A Firing Offense - By George Pelecanos


TORN LOTTERY TICKETS and hot dog wrappers—the remnants of Georgia Avenue Day—blew across the strip. At the district line a snaggle-toothed row of winos sat on the ledge of a coffee shop. A poster of the mayor, a smiling portrait in debauchery, was taped to the window behind them. The coke sweat had been dutifully airbrushed from the mayor’s forehead; only a contaminated grin remained. My Dart plodded south under a low gray cover of clouds.

I steered my car into a space a couple of blocks down and killed the engine. Several strip joints had closed on this part of the avenue in the past year, ostensibly a reaction to pressure from local citizens’ groups. The reality was that frequent, serious ass-beatings and one biker murder had closed down the clubs by way of revoked liquor licenses. Now the street was irreparably lifeless, a sodden butt drowning in the rot of a shot glass. A bathhouse and the Good Times Lunch had survived.

In the Good Times Lunch an industrial upright fan stood in the rear, blowing warm air towards the door. Malt liquor posters hung on the walls, showing busty, light-skinned women held by mustachioed black movie stars. Of the eight stools at the counter, three were occupied by graying men drinking beer from cans, and a fourth by a route salesman in a cheap suit.

Behind the counter were a sandwich block, grill, four baskets hung in a large deep-fryer, and a stocky little Korean named Kim, who walked with his feet wide apart and had forearms that appeared to be made out of brick. I took a seat at one of the remaining stools.

Kim acknowledged me with a slight tilt of his head. I ordered a fish sandwich, fries, and a can of beer. He brought the beer, and I tossed a quarter of it down as I watched him dump the frozen fish and potatoes into the same fryer basket. For the next five minutes I took long sips of beer and occasionally glanced out the window at the mounting northbound rush-hour traffic on Georgia Avenue.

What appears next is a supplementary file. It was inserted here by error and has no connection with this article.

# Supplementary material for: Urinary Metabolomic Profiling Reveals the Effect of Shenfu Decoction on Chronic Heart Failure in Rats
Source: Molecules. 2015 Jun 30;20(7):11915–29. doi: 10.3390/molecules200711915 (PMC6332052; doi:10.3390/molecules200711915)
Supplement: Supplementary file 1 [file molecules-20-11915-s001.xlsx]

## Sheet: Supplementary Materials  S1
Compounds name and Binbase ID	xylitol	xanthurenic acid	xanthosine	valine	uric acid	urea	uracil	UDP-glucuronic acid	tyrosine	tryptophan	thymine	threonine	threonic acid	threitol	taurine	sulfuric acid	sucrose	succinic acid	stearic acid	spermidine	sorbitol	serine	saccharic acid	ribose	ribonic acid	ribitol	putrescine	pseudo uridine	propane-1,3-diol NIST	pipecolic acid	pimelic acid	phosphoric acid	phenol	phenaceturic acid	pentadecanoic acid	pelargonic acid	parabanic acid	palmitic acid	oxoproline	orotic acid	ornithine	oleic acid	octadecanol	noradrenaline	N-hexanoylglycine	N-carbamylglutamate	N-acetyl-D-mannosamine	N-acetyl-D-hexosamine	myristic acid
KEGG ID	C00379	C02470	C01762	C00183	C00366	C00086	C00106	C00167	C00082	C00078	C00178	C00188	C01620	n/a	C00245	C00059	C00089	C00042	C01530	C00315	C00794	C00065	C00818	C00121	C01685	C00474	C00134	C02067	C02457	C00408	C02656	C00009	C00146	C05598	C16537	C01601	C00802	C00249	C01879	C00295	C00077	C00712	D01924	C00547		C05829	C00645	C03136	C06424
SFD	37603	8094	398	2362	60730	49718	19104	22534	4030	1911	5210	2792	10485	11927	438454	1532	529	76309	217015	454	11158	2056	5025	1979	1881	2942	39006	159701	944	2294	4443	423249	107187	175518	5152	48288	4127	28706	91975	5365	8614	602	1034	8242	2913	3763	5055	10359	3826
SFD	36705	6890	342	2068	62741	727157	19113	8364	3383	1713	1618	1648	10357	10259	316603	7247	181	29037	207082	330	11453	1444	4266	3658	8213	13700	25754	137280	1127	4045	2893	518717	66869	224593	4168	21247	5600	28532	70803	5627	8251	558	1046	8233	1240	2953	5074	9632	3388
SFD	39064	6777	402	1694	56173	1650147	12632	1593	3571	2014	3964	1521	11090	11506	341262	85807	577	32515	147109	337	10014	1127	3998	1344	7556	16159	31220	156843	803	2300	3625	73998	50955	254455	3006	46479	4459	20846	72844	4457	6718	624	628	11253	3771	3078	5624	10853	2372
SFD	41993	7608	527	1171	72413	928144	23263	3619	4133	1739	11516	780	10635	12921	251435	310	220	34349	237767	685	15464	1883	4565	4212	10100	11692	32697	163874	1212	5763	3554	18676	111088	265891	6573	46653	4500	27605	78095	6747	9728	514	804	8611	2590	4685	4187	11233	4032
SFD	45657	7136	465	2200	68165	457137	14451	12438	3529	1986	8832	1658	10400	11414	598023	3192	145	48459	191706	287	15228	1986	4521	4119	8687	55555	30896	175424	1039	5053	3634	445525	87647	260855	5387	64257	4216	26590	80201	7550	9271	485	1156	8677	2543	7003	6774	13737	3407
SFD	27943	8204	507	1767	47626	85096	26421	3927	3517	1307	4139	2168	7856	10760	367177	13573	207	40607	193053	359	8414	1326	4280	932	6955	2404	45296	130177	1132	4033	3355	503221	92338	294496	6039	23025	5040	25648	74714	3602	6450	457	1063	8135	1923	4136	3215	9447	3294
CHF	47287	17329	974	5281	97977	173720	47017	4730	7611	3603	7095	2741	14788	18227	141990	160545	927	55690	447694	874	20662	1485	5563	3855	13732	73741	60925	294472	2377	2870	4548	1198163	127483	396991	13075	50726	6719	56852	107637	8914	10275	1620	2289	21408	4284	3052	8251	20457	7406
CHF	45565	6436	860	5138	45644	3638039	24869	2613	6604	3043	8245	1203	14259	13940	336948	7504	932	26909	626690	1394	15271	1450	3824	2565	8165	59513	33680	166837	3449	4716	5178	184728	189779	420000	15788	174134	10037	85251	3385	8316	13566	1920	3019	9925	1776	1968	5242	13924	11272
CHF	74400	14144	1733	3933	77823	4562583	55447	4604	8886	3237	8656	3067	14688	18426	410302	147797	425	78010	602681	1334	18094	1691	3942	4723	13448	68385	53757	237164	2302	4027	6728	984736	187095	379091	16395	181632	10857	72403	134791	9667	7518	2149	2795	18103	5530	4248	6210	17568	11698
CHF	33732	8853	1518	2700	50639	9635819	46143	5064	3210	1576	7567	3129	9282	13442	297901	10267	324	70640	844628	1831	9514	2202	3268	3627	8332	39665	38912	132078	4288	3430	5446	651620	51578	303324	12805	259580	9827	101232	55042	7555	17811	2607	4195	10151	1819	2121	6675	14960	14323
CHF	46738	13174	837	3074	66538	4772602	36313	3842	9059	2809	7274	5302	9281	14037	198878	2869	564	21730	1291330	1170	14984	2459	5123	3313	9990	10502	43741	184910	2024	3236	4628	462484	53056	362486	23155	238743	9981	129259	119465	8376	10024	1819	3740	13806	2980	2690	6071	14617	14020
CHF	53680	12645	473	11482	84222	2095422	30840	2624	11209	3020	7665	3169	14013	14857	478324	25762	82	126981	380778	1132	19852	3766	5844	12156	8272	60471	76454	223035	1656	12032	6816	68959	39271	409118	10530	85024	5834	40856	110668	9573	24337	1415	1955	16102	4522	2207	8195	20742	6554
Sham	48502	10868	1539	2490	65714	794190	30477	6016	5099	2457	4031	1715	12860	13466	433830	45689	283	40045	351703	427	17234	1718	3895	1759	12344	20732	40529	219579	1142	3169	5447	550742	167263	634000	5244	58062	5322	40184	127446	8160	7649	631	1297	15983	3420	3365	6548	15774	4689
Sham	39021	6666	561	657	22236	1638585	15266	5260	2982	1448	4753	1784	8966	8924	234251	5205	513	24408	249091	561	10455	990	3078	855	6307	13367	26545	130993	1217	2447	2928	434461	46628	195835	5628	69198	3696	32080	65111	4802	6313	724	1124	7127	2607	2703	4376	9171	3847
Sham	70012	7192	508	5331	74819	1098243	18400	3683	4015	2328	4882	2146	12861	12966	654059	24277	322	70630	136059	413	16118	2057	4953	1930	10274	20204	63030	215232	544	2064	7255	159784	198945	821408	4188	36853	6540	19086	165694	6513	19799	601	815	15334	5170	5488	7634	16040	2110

The only sounds in the carryout were that of the fan and the barely intelligible music coming from Kim’s radio, the dial of which was set on WOL. I thought of work, my reprimand, and my indifference to the subject. No one spoke to me.

I guess that was the day everything began to come apart. The day of my reprimand. The day the old man phoned me about the boy.

A rock gets pushed at the top of a hill, and it begins to roll, and then it doesn’t matter who did the pushing. What matters is that nothing can stop it. What matters is the damage done. So how it started, I suppose, is insignificant. Because what sticks now is how it ended: with the sudden blast and smoke of automatic weapons, and the low manic moan of those who were about to die.

* * *

EARLIER IN THE DAY, the name “Ric Brandon” had printed out across the screen of my desk phone, indicating an interoffice call. I had sipped my coffee and let the phone ring several times until the process reversed itself. His name disappeared letter by letter, from right to left. The call was then forwarded up to Marsha, our receptionist. Presently my phone rang again. It was Marsha.

“Nicky?” she said.


“Ric Brandon’s looking for you,” she said tiredly. “He’d like to see you in his office as soon as you have a minute.” Her words hung in the receiver apologetically.

“Thanks, Marsha.” I picked up my coffee and headed for the john. The sound of printers, typewriters, and distaff voices swirled around me as I stepped down the hall. Passing Marsha’s desk, I smiled and tapped the “Elvis Country” plaque that she had proudly set next to the switchboard.

I pushed open the door to the men’s room and moved to the sink to wash up. In the mirror I saw the scuffed-up heel boxes on a pair of wing tips beneath the stall door. They belonged to Seaton, the controller. His trousers were around his ankles as he stood urinating into the toilet. I splashed some water on my face and looked in the mirror: I was thirty years old, and had drunk several beers backed with bourbon the night before.

I had figured out, incorrectly as it turned out, the reason for Brandon’s summons. One day earlier he and I and an executive from one of the local factory wholesalers had gotten